What’s not to love about Lyon? Its history is so rich that it was named a UNESCO World Heritage Site in 1998 and its cuisine is so superb that the city is hailed as the gastronomic capital of France. Let’s not forget its charming scenery either – both the Saone and Rhone Rivers ribbon their way past the charming red-roofed houses that line the banks.
Culture is not forgotten either, with museums paying tribute to the city’s contribution to the silk trade and cinema industry because, of course, Lyon is the birthplace of the cinematograph. Located around 4 hours’ drive south of Paris, Lyon is the perfect place to keep the good times rolling after leaving the city of love.
Start your explorations of this gorgeous city at the Basilica of Notre-Dame de Fourviere. Shining bright white in the sun, this 19th century basilica sits like a crown on a hilltop above the city. Inside, the church is adorned with colourful mosaics and ornate gilt detail. Take a guided tour, which grants you access to the roof where you’ll be rewarded with sweeping views of the city.
Walk back down the hill to visit the ancient Roman amphitheatre, which is still in use today, before moving on to the Musee Miniature et Cinema. Browse a collection of more than 100 intricately crafted miniature film scenes, take in a fascinating film-making exhibit and discover more than 300 original film artefacts and props, many of which you will no doubt ecognize.
Get acquainted with Lyon’s past as a major silk trader at Soierie Vivante, where you can tour the last remaining weaving workshops from the 19th century and see the original looms in use. The adjoining shop is a great place to pick up locally made silk scarves and gifts.
Eat and Drink
For quintessential Lyonnaise fare, take a seat in one of the city’s many bouchons. These local bistros are the place to find delicious and authentic French fare and wines for a good price. Speaking of wine, the local favourite is Beaujolais, which is grown and made just north of Lyon and is a classic accompaniment to regional dishes.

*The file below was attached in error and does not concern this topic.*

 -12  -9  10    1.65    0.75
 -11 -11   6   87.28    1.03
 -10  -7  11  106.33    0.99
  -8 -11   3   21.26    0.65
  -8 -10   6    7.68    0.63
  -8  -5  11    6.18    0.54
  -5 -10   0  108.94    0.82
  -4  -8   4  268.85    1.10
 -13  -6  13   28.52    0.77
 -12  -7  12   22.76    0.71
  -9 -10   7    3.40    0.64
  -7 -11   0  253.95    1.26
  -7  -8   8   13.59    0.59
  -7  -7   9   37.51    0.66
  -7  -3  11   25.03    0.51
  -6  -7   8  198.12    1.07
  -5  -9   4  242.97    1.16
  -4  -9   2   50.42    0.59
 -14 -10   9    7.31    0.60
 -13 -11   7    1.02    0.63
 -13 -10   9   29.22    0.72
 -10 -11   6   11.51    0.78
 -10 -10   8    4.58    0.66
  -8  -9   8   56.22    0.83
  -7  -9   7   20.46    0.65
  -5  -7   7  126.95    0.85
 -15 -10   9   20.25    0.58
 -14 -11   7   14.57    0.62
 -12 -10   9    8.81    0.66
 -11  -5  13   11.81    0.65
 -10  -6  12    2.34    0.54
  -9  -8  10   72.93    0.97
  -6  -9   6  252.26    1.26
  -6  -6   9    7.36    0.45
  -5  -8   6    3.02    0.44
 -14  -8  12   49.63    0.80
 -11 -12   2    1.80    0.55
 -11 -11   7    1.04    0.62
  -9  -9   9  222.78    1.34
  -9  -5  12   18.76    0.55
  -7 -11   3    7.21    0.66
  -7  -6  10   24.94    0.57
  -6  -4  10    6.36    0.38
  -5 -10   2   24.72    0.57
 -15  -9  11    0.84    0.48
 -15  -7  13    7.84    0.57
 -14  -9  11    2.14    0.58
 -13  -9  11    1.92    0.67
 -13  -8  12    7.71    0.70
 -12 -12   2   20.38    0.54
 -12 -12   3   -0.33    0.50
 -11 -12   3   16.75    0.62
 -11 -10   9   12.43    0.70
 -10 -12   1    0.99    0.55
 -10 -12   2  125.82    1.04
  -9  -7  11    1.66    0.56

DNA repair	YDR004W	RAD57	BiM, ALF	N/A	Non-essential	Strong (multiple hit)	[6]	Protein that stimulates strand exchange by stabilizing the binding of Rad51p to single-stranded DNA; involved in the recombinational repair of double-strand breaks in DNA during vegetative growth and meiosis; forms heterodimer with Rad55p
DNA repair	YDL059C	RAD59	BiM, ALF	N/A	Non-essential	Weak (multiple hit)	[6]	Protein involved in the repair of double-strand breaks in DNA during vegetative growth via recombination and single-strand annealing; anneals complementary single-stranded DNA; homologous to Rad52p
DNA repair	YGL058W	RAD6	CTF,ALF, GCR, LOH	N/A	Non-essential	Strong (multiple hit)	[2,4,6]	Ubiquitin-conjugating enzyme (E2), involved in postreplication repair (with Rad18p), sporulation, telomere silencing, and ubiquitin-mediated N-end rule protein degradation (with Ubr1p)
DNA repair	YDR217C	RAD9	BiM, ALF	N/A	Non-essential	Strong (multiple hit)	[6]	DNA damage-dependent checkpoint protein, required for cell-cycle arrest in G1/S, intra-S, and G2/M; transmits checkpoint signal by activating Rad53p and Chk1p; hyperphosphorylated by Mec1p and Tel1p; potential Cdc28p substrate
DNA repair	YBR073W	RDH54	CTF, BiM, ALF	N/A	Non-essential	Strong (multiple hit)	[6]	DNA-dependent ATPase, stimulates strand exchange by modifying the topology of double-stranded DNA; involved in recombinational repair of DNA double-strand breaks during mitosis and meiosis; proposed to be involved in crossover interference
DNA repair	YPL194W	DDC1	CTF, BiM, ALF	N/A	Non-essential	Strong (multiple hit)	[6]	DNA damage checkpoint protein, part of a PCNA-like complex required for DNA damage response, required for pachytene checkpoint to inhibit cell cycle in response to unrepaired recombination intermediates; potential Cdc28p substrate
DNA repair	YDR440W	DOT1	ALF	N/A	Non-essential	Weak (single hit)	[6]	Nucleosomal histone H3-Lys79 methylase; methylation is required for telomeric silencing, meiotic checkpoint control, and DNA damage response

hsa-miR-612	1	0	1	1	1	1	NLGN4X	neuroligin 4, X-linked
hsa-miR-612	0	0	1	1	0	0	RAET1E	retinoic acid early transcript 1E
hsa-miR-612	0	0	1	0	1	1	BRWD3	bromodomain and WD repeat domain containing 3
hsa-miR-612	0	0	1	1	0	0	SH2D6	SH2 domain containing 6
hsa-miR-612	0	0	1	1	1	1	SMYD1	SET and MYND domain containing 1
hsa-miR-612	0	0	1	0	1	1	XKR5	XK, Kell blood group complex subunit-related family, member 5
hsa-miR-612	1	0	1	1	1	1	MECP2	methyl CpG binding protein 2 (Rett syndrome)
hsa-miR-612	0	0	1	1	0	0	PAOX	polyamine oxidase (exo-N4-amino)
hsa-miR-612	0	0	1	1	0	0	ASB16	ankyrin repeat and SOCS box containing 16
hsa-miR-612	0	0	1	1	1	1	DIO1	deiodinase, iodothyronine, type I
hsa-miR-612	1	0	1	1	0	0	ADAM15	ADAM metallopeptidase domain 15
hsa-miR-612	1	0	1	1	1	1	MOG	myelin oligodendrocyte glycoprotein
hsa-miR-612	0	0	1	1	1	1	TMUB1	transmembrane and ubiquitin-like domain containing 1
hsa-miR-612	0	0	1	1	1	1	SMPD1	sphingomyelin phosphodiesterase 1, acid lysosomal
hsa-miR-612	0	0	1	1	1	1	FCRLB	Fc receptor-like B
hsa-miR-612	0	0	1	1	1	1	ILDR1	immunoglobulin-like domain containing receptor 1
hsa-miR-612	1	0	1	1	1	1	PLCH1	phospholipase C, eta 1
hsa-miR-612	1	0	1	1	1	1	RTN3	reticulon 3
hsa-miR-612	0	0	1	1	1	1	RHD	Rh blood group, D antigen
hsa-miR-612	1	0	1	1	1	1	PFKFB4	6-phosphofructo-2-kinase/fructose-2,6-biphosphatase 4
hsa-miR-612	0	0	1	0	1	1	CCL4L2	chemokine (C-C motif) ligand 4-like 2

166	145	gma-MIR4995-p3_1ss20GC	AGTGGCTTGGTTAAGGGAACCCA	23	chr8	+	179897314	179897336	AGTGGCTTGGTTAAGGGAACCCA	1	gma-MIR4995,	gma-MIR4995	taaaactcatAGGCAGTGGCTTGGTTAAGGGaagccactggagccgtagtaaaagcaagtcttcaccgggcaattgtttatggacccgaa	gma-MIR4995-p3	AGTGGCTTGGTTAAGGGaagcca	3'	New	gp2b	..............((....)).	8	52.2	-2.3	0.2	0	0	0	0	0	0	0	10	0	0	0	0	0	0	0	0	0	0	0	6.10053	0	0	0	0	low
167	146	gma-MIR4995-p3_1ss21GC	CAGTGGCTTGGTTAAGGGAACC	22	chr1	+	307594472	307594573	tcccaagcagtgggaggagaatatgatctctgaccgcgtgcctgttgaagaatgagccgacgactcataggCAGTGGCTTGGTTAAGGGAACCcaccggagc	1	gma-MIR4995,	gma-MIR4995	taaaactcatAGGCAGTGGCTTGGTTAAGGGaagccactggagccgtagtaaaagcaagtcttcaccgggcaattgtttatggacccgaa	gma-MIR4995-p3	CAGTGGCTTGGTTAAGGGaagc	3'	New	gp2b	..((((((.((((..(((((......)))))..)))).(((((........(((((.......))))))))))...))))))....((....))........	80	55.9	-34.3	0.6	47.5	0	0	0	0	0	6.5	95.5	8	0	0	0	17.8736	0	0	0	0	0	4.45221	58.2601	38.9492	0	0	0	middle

Local dishes to pick out from the menu include salad Lyonnaise, a green salad with poached egg, bacon and croutons, saucisson, a dry cured sausage, and cervelle de canut, a cheese dip made with herbs, shallots and olive oil. Coffee lovers will appreciate the espresso bars around Place des Terreaux and Vieux Lyon (Old Lyon).
Where to Stay
To immerse yourself in the historic essence of Lyon right down to its charming cobblestone streets, Vieux Lyon is the place to be. There are many trendy hotels to choose from, some set inside gorgeous historic buildings, though its best to request rooms facing the inner courtyards for a quieter atmosphere. Near Vieux Lyon, the 2nd district offers excellent hotels that look out onto the open squares, offering guests a lovely opportunity to soak up the vibe of the city from their room.
From unique boutiques and luxury fashion to art galleries and major shopping malls, Lyon will satisfy any retail hunger. Head to the 2nd district for designer fashion and well-known chains or, for something with a little more character, the antique shops around Rue Auguste-Comte make for curious browsing. Rue de la République, the main shopping artery of the city, is a pedestrian-only street perfect for a relaxed wander.
Lyon Like a Local
Once you enter the Parc de la Tete d'Or you’ll see why the locals cherish it. Pack a picnic and prepare to spend hours exploring the botanic gardens, lush greenhouses, rose gardens and the zoo, which takes pride of place in the centre. Laze in the sun and picnic among local families and couples, or get active with a canoe or pedal boat rental.